The influence of forest road networks on the long term impacts of uneven-aged management

May 12, 2020

Uneven-aged forest management is currently seen by many forest ecologists as an extensive management approach offering interesting compromises between timber production and other important ecosystem services such as biodiversity conservation, carbon storage, and social acceptability. While the benefits of uneven-aged management have been reported at the stand-scale and on short time periods, uncertainties remain concerning the impacts of uneven-aged management on longer time and wider spatial scales. Of concern are the impact of forest roads, as uneven-aged management necessitate more permanent roads and an increased road usage in order to accommodate shorter harvest rotations. These could in turn increase permanent forest lost, fauna road mortality, carbon emissions and operational costs for the industry.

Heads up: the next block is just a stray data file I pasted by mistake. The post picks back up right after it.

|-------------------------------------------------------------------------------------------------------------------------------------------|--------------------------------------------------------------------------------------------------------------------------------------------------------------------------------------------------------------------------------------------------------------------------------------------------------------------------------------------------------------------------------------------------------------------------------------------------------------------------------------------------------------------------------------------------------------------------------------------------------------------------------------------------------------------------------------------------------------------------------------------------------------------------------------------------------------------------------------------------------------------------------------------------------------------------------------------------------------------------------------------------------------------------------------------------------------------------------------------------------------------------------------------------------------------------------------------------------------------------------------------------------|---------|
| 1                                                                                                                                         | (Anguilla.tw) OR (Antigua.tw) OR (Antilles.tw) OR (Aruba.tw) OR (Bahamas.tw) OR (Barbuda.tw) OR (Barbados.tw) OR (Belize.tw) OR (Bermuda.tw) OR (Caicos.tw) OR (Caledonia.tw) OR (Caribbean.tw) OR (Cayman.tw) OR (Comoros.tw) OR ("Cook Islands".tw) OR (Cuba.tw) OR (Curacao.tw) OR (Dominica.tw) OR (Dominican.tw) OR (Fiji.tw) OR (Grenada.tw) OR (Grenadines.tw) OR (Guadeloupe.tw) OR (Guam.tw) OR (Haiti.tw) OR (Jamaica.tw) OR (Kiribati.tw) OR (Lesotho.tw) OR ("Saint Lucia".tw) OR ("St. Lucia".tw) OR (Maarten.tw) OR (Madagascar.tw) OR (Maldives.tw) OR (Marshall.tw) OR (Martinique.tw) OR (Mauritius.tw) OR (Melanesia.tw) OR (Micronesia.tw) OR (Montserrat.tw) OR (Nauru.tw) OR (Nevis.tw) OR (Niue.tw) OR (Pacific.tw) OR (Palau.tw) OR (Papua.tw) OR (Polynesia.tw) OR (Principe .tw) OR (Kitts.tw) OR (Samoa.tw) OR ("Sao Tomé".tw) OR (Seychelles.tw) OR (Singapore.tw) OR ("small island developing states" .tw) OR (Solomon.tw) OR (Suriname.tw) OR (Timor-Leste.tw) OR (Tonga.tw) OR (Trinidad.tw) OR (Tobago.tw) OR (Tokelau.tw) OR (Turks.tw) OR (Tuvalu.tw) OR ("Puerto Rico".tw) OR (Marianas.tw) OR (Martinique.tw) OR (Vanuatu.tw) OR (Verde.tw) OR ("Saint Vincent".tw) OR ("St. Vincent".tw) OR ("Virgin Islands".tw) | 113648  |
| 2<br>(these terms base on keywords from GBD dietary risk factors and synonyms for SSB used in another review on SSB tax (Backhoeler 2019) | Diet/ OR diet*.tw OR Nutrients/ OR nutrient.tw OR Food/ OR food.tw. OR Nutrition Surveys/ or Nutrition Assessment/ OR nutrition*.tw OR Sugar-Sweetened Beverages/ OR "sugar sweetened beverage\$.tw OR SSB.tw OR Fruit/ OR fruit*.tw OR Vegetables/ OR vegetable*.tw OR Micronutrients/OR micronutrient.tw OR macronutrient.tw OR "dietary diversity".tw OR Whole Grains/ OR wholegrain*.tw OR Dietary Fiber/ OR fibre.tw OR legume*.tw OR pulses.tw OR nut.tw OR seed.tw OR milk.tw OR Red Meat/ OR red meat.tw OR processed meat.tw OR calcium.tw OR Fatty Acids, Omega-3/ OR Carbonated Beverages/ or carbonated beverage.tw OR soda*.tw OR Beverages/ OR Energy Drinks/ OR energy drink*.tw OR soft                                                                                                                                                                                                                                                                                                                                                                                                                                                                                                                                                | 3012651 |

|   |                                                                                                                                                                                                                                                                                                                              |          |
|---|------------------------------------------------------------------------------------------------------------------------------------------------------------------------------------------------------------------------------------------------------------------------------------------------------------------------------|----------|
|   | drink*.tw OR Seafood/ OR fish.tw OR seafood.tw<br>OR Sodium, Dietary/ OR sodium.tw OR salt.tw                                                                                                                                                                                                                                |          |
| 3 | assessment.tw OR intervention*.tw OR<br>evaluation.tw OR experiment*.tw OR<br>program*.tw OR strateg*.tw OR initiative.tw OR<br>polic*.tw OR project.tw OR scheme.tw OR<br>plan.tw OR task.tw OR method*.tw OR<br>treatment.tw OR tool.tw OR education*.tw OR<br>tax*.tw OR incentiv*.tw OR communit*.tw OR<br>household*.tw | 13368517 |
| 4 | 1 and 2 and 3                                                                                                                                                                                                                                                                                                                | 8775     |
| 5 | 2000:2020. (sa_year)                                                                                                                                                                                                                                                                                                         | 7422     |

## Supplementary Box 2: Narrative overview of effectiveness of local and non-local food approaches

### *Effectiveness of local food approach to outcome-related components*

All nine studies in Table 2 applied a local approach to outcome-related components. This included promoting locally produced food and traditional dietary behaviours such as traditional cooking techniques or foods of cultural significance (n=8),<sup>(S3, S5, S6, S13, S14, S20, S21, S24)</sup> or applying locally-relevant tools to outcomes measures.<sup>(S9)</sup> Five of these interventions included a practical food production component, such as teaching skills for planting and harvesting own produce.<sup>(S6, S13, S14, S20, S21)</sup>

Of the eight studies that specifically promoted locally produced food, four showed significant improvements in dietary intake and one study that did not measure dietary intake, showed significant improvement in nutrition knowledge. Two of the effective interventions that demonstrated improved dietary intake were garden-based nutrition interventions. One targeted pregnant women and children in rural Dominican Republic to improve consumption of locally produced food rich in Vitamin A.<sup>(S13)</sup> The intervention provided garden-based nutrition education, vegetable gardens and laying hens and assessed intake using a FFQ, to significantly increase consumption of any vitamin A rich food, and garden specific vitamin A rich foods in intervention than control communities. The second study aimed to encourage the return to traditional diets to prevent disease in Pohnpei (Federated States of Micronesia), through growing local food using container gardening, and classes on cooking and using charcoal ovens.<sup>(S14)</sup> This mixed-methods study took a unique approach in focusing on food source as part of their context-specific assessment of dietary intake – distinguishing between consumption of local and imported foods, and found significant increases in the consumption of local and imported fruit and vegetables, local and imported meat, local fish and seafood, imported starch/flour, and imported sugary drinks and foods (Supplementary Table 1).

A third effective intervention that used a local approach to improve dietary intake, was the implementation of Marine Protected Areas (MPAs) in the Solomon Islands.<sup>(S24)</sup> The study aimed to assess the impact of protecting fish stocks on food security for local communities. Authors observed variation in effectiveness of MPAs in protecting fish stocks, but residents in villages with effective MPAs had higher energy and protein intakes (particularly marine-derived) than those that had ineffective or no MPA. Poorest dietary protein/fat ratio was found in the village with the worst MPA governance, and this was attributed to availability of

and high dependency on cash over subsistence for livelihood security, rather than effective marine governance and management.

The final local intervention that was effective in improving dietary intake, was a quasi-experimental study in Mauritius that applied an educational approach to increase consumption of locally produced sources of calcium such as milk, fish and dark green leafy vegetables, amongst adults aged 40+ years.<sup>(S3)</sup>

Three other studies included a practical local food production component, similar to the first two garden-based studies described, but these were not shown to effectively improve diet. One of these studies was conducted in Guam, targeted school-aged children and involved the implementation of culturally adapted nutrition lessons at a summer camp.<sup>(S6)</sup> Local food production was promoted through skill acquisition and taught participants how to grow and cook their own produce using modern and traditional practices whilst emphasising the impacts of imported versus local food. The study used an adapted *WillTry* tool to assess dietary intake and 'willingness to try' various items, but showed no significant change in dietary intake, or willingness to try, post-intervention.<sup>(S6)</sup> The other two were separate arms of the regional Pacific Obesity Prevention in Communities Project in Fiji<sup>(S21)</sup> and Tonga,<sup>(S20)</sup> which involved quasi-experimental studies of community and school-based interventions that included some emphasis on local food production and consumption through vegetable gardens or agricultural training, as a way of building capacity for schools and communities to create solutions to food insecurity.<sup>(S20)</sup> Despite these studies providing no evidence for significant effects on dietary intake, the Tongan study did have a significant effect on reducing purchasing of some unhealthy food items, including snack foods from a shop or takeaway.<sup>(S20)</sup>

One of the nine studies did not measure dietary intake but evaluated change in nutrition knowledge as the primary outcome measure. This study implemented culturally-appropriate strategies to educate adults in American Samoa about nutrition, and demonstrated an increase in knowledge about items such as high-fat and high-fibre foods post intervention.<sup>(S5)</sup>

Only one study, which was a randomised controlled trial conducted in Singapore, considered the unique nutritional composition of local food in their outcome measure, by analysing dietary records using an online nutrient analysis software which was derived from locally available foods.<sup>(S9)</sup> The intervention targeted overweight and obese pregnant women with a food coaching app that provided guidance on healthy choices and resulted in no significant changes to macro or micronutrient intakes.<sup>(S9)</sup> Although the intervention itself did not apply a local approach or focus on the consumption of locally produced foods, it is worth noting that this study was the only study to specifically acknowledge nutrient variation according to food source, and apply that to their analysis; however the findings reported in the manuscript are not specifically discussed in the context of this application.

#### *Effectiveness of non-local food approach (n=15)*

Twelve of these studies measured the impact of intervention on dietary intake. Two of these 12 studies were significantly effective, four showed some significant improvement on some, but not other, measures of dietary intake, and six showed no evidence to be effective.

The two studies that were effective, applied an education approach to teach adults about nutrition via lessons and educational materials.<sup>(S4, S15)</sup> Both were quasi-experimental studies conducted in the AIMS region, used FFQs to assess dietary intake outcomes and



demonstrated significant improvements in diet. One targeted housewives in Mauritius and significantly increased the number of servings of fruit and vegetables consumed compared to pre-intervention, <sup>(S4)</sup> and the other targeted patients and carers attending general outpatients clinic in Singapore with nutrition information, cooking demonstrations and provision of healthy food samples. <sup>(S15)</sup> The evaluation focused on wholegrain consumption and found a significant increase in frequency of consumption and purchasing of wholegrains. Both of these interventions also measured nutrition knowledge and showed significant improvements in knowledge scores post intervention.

To explore this question, we compared the impact of uneven-aged management with that of even-aged management at large time and spatial scales. We created a road extension for the LANDIS-II landscape simulation model, whose goal is to simulate the construction of forest roads to reach harvesting areas in a dynamic and spatially explicit way. Road trajectories are computed by minimizing construction costs according to existing roads, elevation, topography, water bodies, and soil types. We developed 20 scenarios with different proportions of harvested areas managed with uneven-aged or even aged management methods, for a given harvest wood volume. The scenarios also differed in the level of aggregation of the harvested areas, and in the presence of a pre-existing forest roads. We tested these scenarios over a planning horizon of 300 years on a landscape of 5 million hectares in Mauricie, Canada, and measured several characteristics of the road network for each scenario.

Our results will further our understanding of the long-term impacts of management strategies in forested landscapes, and will also open new opportunities to explore the impact of forest roads around the world.

Clément Hardy
Clément Hardy
PhD student in forest ecology

Clément is a PhD student working on forest ecology, forest management, spatially explicit modelling and functional connectivity. He’s also interested in history, ethics, productivity tools, video-games and photography.